Debunking 10 Myths about Stroke

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Stroke is among the top five causes of death and a leading reason for disability in Americans, according to the American Stroke Association. Close to 800,000 people in the U.S. have a stroke each year, and there are nearly seven million stroke survivors in the U.S.

Yet, there are many misconceptions about this serious medical emergency. Let’s separate fact from fiction as we debunk some common myths.

Myth #1: You can’t do anything to prevent stroke.

Fact: The good news is that up to 80 percent of strokes are preventable, says the National Stroke Association. Smart lifestyle choices that reduce stroke risk factors such as high blood pressure, high cholesterol and diabetes all lower your risk of having a stroke. Maintaining a healthy weight and eating a heart-healthy diet are other ways to help prevent stroke and the cardiovascular disease that leads to stroke.

Myth #2: Stroke is something that happens to your heart.

Fact: Stroke affects the blood vessels of the brain and can lead to temporary or permanent damage to the brain. It occurs when blood flow to the brain is interrupted, either because a clot is blocking an artery of the brain or an artery ruptures and bleeds into the brain.

Myth #3: There is no treatment for stroke.

Fact: There are some extremely effective treatments for stroke, and the sooner you seek medical treatment the better they work. Clot removal — using a device to enter the blocked artery and remove the blocking blood clot —is now the proven standard of care for stroke, with the most profound benefits. Tissue plasminogen (tPA) is a clot-dissolving drug that can break up a clot blocking blood flow to the brain. There are a number of procedures to remove clots or to stop hemorrhagic strokes, those caused by bleeding into the brain.

Myth #4: Aspirin is an effective home remedy for stroke.

Fact: Although it may be true that aspirin can be helpful in breaking up a clot during a heart attack, this is not always safe for a stroke. Aspirin could actually be harmful if you are having a stroke caused by bleeding into the brain. However, once stroke patients have been evaluated and started on aspirin by their doctors, aspirin is an excellent drug to stop another stroke from happening.

Myth #5: Stroke only affects the elderly.

Fact: A stroke can happen at any age, even in babies. In fact, the average age of stroke patients has been getting younger for more than a decade. Nearly 25 percent of strokes occur in people younger than age 65. Younger people may dismiss symptoms more easily, however, thinking that they are too young to have a stroke.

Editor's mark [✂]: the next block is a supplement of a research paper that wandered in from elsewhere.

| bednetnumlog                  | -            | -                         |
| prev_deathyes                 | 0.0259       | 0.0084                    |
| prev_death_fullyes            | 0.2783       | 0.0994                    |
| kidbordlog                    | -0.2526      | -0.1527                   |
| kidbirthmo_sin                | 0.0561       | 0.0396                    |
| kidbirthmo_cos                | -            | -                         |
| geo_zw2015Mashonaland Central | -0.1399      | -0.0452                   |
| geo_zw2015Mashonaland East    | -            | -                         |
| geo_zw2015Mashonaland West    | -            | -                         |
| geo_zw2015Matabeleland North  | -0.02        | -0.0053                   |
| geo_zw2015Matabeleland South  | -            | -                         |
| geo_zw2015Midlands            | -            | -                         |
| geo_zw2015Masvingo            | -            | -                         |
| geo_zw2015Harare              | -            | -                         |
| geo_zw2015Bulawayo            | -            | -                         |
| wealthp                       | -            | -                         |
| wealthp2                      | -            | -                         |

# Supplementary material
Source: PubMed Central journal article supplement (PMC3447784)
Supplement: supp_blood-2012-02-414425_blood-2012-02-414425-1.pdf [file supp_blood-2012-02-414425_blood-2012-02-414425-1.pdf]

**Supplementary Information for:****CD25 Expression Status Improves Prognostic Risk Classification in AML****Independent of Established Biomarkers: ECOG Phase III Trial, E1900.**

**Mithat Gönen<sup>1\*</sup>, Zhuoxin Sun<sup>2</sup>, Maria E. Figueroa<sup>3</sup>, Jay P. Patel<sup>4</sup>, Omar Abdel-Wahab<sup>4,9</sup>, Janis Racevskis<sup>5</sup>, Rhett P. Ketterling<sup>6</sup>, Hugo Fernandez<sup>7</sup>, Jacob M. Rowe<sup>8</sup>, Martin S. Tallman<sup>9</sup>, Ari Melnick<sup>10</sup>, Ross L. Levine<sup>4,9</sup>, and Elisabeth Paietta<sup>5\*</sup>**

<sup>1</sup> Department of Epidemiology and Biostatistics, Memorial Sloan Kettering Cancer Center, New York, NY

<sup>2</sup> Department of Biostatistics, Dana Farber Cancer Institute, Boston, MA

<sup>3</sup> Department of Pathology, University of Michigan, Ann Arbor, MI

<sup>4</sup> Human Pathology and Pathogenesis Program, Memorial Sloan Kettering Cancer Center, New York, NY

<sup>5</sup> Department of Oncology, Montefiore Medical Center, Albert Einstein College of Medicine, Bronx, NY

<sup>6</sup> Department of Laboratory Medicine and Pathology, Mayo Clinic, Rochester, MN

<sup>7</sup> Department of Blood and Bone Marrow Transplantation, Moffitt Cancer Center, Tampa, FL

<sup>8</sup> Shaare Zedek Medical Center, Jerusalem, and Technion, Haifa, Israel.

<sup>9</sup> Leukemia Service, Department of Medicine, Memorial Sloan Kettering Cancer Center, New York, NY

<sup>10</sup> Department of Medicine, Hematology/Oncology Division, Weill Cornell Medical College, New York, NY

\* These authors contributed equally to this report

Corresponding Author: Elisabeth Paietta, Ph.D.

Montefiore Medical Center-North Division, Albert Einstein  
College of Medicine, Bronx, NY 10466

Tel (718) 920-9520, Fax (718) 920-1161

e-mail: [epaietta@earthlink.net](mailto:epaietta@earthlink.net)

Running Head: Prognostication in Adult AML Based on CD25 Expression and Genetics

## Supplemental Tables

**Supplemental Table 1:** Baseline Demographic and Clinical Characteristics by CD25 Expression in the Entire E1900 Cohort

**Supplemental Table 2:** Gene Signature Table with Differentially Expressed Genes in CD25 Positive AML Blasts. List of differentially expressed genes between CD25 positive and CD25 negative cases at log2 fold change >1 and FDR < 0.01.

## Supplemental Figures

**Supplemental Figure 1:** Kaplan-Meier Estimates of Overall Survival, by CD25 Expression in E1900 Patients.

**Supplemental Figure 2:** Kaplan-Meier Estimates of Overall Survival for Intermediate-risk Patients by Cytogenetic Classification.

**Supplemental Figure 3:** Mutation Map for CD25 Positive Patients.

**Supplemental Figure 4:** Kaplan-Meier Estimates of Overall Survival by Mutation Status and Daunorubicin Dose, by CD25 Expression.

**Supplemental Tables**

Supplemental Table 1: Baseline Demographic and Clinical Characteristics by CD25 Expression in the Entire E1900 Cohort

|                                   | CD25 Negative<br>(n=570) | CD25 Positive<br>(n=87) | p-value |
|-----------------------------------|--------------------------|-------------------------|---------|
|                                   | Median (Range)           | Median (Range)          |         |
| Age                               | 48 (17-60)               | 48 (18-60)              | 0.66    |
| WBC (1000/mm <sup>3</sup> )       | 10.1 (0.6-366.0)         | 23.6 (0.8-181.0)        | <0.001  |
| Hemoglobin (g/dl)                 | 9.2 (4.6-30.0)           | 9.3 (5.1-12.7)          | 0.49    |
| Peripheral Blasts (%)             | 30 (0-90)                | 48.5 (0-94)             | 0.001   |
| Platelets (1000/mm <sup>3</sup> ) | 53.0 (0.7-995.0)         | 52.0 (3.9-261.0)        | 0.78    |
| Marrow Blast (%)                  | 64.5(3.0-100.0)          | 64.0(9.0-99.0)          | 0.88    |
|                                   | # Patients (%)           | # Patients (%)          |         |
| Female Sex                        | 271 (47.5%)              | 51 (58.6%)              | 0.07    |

There are some extremely effective treatments for stroke, and the sooner you seek medical treatment the better they work.

Myth #6: Women are not likely to have strokes.

Fact: Strokes occur slightly more often in women than in men. One reason is that women tend to live longer, and risk for stroke increases as age increases.

Myth #7: Stroke recovery occurs for just the first few months following stroke.Debunking 10 Myths about Stroke - In Content

Fact: Recovery from stroke is a lifelong process. Researchers continue to find new and better treatments to help the brain repair itself after stroke.

Myth #8: Stroke warning signs are difficult to recognize.

Fact: A test called FAST (Face, Arm, Speech, Time) can help even non-medical people identify up to 75 percent of strokes, according to the American Heart Association and Go Red for Women. Look for a facial droop, an arm or leg that goes weak and speech that is slurred or garbled. “Time” represents the urgency to get the person emergency care as quickly as possible to minimize damage to the brain. It is true that some strokes occur suddenly, with no warning signs or symptoms. Quick action to get medical care is essential in this case, as well.

Myth #9: Strokes do not run in families.

Fact: If your family has a history of strokes — especially parents or siblings — this increases your chance for having a stroke.

Myth #10: If stroke symptoms go away, there’s nothing to worry about.

Fact: Transient ischemic attacks (TIAs), sometimes called mini strokes, exhibit temporary stroke symptoms. They are warning signs before a stroke, and you should always contact your doctor if you experience slurred speech, sudden weakness in an arm or leg or facial drooping. Paying attention to warning signs that go away may help prevent an actual stroke.

Small Steps: Help Prevent Migraines.
Exercise, good sleep, avoiding caffeine and reducing stress all can help — and also reduce your stroke risk.